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Last edited by Irishsig; 05-06-2016 at 01:30 PM..
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      05-06-2016, 06:29 PM   #7
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Quote:
Originally Posted by ScottSinger View Post
Herniated disc from doing deadlifts.
Never saw a doctor. Satisfied with my recovery.

I wouldn't use a chiropractor for herniated disc.
What did You do for your recovery?

I'll check that out Irishsig
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      05-06-2016, 06:59 PM   #8
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Quote:
Originally Posted by csu87 View Post
After a couple weeks of pain, and a week or so of skin numbness and weakness in the legs, I went in to the DR to find out i have a herniated disc that is pressing up against the nerves in my back.

Ive got exercises and stretches that are supposed to help out, but wanted to see if anyone has dealt with this before and has any suggestions.
I have dealt with herniated disc and have treated many patients with the same. First thing is stop all offending activities. Let your body guide you in this. This does not mean lay in bed for the next week...... That's the last thing you want to do. I recommend that you follow along with your doc's regiment of exercises and stretching. Some NSAIDs (Motrin, naproxen) could help. These conservative treatments are not over night fixes. May take 4-8 weeks dependent on severity and if your following the regiment properly. Even then you may not respond to these treatments. Severe herniations may require surgical interventions. I would look at this as last option. If you are lucky and get relief with the conservative treatment then continue and add strengthening exercises to the regiment. Increase weight/resistance as you get back to your normal self as pain permits. I have found with many of my patients that they re-injur themselves because they can't wait or won't wait for their body to heal. Also consider what I call lifestyle changes. Take a look at your posture. How you stand. How you sit. Does your mattress provide adequate support, do you use proper body mechanics when at work/play. Get rid of the gut......if you have one. Strengthen your core.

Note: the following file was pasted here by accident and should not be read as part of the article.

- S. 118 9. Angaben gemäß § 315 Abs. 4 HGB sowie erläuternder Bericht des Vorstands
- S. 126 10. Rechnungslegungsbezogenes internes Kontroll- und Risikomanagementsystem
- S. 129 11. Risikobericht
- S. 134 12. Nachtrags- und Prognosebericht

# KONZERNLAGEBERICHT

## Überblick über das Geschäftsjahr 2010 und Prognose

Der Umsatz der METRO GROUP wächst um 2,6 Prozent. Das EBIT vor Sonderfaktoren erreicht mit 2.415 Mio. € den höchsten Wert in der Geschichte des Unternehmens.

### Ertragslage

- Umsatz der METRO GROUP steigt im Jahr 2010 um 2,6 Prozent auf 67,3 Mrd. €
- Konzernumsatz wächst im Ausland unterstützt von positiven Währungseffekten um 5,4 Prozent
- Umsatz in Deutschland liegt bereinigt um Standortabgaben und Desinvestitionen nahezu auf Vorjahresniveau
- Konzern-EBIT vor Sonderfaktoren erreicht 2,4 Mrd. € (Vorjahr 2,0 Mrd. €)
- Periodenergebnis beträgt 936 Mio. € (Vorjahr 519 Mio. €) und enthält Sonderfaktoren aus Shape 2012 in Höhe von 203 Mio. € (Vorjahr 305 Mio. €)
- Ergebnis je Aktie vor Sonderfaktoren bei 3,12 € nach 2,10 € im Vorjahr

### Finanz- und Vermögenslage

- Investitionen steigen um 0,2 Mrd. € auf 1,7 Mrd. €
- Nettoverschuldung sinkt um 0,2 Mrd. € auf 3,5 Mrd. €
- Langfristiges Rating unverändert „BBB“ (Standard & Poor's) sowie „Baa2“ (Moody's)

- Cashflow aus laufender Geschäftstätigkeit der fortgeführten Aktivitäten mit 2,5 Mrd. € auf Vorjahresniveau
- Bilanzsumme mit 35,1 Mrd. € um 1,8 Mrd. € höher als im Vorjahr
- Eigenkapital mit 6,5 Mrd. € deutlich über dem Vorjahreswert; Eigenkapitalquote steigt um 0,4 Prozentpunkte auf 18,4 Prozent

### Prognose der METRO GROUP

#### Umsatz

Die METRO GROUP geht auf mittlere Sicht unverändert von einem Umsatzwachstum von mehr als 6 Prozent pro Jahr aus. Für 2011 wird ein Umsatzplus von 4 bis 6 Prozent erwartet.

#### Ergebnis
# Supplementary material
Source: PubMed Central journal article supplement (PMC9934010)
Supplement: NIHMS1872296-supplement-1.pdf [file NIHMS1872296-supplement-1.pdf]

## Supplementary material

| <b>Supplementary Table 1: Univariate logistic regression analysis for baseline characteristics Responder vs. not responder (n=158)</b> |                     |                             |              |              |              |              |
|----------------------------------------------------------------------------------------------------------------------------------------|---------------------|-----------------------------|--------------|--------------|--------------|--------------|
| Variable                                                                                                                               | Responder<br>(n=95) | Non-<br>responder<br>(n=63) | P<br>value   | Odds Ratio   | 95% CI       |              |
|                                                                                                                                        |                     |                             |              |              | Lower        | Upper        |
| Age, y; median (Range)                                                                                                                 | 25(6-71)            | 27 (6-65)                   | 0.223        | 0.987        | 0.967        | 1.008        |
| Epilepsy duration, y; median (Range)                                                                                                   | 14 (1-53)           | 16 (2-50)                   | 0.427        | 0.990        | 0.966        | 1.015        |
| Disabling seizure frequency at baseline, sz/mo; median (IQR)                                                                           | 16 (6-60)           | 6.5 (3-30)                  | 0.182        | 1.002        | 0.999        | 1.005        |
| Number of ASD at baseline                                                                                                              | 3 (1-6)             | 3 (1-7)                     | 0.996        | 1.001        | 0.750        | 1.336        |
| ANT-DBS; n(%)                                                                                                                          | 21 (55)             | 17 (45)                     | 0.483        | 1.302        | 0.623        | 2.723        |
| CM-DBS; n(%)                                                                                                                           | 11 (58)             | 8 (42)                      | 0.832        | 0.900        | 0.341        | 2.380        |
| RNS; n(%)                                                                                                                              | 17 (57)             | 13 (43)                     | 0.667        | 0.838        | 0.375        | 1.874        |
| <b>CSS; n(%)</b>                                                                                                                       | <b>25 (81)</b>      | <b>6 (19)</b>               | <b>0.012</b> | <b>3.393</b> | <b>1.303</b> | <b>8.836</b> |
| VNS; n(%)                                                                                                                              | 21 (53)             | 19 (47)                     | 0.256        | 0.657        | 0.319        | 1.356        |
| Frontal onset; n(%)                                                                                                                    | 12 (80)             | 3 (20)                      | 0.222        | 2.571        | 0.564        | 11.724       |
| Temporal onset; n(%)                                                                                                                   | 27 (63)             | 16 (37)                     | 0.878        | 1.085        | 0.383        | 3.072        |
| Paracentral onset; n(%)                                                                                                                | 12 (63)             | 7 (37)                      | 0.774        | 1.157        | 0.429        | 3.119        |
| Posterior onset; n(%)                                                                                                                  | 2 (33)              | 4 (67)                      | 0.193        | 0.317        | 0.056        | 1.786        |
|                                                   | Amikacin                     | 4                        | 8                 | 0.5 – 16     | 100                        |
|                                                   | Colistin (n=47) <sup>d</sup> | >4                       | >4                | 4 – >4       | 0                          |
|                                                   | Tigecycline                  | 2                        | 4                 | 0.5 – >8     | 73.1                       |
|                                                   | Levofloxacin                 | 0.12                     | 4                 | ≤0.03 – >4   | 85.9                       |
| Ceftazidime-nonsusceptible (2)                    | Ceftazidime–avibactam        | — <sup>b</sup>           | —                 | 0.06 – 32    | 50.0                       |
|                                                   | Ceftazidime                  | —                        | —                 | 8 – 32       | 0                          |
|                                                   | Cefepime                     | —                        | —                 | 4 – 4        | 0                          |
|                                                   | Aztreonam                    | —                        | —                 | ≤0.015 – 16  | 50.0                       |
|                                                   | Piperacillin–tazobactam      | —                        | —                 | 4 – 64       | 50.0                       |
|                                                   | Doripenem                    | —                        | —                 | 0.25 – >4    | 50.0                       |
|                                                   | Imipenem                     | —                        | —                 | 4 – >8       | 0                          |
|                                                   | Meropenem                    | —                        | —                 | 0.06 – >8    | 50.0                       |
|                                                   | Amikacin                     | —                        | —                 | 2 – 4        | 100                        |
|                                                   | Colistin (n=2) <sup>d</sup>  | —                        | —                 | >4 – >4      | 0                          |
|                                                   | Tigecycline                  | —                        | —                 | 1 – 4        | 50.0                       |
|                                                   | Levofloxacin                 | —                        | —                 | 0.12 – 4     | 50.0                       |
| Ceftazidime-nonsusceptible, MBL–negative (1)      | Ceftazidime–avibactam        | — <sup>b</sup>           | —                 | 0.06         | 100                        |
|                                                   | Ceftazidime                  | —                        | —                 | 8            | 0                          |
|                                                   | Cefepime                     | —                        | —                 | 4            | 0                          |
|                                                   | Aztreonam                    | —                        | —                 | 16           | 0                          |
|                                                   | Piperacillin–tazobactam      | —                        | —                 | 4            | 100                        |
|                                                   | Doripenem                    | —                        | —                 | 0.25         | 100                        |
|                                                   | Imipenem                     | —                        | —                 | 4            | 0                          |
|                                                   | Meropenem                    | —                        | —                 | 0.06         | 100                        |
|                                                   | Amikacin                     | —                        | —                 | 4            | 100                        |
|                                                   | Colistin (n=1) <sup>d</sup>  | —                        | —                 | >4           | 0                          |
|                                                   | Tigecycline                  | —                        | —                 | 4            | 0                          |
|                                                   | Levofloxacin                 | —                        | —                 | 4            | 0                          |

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      05-06-2016, 07:01 PM   #9
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I've had a ruptured disc L5/S1. Symptoms were sciatica down the left leg, random shooting pains, could not sit for prolonged periods of time.

For pain management, you can:
1. Go to physical therapy - where they will teach you stretches and exercises to strengthen your core
2. See a pain management specialist - to develop a medication program to help you cope with any pain
3. See a spine/neuro specialist to discuss if surgery will alleviate the pain.

Ultimately time will tell if you need to take the last option above. I waited 6 months before finally agreeing to surgery and trying all the above options. At my worst, I would get a shooting pain that made me collapse to the floor and the pain med dosage was being upped on a weekly basis to deal with the pain.

If your disc is only bulging right now, your body will slowly bring it back into place. A chiropractor can offer temporary relief by decompressing the spine, but will require frequent touch ups. You'll need to make a conscious effort not to put pressure on that part of your spine. No deadlifts until it is completely healed. This could take up to 6 months to a year. Stretching and core strengthening can also help.

Feel free to PM if you need any more tips. Back pain and surgery is no joke. I wouldn't wish it on my worst enemies.
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      05-06-2016, 07:16 PM   #10
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I've had 2 ruptured discs and 2 surgerys. 1st was @25 and I left hospital same day and was recovered within 2 weeks. 2nd I was 35 and doc nicked my spinal sheath. Spent 4 days on morphine pump and 30 days no walking/sitting/standing. Took 6 months to regain physical conditioning and had pain and numbness in my leg for about 3 years. Looking back I would have tried physical therapy before 2nd. 1st was surgery no questions. I was told before 1st that I would have another operation within 10years. Was 9years 3 months. My main recommendation is find a world class doc for operation. Someone who deals with pro athletes routinely. My 1st doc was that and 2nd doc was a small town guy. 2 totally different results. My other caution is use ibuprofen on full stomach and never exceed max daily use of Tylenol(permanent liver damage). Good luck on this long journey and strengthen that core.